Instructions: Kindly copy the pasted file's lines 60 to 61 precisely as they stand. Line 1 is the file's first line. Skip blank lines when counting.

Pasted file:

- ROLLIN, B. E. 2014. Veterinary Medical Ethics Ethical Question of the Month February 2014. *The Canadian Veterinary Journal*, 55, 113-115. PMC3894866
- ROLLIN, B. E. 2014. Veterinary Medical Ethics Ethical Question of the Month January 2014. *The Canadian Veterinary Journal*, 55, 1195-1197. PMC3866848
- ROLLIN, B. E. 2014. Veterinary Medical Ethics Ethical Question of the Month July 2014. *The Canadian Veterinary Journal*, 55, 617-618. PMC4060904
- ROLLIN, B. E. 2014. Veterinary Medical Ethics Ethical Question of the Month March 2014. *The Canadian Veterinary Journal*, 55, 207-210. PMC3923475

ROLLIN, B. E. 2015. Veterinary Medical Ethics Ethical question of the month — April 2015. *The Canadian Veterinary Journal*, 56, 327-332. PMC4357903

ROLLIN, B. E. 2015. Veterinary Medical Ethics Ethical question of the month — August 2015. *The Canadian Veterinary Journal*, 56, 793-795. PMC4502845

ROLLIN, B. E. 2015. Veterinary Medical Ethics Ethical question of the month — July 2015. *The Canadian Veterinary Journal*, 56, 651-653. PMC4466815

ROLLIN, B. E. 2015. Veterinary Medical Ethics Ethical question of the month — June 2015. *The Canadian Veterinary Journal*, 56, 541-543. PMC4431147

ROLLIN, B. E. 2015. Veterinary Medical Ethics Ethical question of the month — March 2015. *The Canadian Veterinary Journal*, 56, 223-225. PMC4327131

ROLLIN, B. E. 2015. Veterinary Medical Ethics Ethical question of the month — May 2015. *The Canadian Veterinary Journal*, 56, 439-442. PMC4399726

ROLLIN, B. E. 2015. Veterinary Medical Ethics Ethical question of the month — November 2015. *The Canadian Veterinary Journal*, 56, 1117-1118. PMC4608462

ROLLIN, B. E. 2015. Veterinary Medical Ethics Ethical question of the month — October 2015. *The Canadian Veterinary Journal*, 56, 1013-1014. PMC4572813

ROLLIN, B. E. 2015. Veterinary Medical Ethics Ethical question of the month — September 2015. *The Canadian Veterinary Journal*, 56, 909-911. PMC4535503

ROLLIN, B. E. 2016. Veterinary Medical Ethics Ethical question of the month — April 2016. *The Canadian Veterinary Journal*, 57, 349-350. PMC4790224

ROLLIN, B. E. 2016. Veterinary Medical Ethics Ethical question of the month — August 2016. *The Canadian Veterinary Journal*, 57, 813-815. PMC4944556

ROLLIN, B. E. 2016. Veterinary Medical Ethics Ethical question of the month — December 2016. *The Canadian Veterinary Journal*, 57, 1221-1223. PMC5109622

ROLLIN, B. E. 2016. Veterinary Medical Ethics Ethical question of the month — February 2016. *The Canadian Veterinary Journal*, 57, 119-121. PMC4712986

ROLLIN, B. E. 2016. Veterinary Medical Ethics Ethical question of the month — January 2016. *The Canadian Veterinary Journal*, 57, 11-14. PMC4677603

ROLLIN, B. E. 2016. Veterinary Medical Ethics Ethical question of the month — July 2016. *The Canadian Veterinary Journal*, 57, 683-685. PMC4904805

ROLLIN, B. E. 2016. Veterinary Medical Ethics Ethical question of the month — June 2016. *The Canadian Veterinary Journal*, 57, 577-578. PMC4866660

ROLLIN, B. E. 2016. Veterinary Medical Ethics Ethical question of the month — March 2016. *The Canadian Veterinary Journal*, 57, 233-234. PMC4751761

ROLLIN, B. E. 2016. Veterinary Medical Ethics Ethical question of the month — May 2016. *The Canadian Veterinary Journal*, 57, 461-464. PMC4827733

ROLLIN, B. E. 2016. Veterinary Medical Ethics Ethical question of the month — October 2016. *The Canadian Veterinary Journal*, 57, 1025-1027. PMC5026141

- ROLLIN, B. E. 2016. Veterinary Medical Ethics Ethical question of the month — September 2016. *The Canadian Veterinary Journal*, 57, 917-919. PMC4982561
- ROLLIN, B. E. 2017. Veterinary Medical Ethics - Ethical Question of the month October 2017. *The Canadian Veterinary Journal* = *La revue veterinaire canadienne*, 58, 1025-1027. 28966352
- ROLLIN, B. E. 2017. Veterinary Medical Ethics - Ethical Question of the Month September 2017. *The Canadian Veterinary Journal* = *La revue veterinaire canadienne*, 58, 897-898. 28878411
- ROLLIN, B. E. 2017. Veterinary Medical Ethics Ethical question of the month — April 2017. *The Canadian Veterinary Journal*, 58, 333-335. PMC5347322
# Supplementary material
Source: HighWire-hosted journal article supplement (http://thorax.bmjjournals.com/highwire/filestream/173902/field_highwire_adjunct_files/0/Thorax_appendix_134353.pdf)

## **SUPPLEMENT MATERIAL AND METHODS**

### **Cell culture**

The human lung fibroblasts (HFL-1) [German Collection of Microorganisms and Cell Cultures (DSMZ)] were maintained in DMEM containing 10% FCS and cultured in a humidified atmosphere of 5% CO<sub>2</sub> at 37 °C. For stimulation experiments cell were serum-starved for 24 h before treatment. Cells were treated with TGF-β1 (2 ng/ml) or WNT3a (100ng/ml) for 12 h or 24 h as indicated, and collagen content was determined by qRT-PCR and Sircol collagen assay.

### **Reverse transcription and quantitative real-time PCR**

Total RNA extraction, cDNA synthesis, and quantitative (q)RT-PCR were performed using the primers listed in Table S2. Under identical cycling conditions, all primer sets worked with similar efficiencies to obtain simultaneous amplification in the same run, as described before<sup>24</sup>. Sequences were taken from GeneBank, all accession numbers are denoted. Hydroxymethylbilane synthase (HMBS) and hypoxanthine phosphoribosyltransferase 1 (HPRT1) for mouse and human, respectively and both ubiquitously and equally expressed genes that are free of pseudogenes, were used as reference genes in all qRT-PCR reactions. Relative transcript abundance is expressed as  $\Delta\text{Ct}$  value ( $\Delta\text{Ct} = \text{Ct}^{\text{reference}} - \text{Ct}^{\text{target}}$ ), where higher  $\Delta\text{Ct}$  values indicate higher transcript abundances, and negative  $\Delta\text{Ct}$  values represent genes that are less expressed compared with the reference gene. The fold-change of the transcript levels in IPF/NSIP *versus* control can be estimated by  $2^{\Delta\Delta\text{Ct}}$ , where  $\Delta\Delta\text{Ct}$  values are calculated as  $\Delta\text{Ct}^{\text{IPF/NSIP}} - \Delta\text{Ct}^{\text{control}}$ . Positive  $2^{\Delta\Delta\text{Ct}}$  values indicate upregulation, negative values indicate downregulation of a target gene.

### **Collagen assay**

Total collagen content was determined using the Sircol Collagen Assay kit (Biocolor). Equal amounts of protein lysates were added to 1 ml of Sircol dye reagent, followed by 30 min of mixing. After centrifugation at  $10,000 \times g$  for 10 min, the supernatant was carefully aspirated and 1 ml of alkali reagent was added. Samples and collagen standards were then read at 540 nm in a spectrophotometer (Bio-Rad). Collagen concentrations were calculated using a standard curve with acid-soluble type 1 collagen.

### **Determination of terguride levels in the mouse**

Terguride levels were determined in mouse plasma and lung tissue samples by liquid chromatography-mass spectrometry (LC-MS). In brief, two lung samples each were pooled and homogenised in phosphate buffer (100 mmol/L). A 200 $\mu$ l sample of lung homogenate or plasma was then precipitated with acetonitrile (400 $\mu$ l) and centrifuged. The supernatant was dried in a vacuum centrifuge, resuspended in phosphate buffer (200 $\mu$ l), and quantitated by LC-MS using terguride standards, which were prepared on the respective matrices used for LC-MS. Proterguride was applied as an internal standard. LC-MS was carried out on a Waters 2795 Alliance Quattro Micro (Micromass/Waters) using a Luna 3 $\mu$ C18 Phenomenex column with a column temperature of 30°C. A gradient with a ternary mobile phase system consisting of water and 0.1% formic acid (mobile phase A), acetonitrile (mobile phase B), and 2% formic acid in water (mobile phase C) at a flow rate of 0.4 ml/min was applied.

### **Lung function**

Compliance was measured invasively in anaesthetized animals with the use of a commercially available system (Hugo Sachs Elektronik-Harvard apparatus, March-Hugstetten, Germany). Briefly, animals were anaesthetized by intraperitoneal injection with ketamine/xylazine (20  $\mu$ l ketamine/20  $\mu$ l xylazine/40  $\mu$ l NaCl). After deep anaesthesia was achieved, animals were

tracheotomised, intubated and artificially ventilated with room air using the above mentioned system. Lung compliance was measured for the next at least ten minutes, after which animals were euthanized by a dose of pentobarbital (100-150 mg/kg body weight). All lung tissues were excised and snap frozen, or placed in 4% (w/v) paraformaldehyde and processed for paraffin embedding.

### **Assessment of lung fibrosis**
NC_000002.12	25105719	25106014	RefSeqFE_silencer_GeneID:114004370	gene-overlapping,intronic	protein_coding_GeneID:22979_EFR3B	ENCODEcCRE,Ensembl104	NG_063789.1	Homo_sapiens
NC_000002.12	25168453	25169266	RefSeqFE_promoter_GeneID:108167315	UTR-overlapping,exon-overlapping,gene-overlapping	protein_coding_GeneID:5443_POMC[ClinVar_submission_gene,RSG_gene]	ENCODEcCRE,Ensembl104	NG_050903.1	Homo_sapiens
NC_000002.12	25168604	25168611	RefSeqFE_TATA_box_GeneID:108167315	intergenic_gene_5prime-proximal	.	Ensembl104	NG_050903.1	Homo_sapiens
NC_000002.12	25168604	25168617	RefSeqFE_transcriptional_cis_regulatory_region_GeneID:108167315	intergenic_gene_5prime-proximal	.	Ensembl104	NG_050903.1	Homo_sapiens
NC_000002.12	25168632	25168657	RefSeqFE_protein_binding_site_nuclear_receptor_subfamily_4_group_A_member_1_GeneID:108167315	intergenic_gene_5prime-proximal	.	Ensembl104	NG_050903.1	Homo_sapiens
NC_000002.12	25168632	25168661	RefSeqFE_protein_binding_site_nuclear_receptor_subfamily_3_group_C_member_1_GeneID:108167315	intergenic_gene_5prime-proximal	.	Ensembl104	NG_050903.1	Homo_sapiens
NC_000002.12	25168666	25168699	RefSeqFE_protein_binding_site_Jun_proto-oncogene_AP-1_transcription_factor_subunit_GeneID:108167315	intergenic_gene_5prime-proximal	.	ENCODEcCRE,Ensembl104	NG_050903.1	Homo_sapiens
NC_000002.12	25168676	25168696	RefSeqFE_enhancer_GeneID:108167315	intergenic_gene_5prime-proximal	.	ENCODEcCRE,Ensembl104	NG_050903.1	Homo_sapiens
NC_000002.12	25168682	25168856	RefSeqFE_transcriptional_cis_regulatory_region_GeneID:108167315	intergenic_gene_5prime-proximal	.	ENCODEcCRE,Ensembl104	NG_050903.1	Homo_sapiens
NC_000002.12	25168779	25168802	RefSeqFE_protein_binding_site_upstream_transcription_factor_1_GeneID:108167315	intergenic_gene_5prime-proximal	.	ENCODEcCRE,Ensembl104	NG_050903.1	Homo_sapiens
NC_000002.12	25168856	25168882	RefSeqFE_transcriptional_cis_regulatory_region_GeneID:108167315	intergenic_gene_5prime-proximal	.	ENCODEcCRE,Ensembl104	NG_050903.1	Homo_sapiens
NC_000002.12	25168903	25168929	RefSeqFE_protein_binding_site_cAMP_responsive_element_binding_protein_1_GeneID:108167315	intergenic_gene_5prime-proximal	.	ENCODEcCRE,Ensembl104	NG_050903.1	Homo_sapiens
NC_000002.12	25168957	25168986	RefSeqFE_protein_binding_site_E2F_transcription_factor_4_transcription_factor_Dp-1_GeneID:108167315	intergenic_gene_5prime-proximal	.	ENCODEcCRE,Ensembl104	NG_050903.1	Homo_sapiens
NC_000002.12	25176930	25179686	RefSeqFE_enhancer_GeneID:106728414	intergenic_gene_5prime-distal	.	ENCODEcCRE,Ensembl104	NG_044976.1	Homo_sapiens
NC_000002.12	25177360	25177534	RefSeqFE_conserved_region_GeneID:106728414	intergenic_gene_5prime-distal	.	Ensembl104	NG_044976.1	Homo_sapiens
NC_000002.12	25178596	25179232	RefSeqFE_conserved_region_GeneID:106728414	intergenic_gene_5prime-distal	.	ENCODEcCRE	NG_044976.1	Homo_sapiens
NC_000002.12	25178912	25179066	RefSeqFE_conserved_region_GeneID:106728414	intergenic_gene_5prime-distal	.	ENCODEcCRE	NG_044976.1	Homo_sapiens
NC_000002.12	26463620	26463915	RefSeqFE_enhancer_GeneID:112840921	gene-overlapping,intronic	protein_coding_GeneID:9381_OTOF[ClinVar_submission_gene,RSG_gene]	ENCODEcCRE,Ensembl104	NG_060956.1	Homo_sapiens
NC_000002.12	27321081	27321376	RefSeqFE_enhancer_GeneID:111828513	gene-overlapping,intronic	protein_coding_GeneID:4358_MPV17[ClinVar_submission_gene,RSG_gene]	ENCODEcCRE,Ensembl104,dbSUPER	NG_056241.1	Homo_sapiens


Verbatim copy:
NC_000002.12	26463620	26463915	RefSeqFE_enhancer_GeneID:112840921	gene-overlapping,intronic	protein_coding_GeneID:9381_OTOF[ClinVar_submission_gene,RSG_gene]	ENCODEcCRE,Ensembl104	NG_060956.1	Homo_sapiens
NC_000002.12	27321081	27321376	RefSeqFE_enhancer_GeneID:111828513	gene-overlapping,intronic	protein_coding_GeneID:4358_MPV17[ClinVar_submission_gene,RSG_gene]	ENCODEcCRE,Ensembl104,dbSUPER	NG_056241.1	Homo_sapiens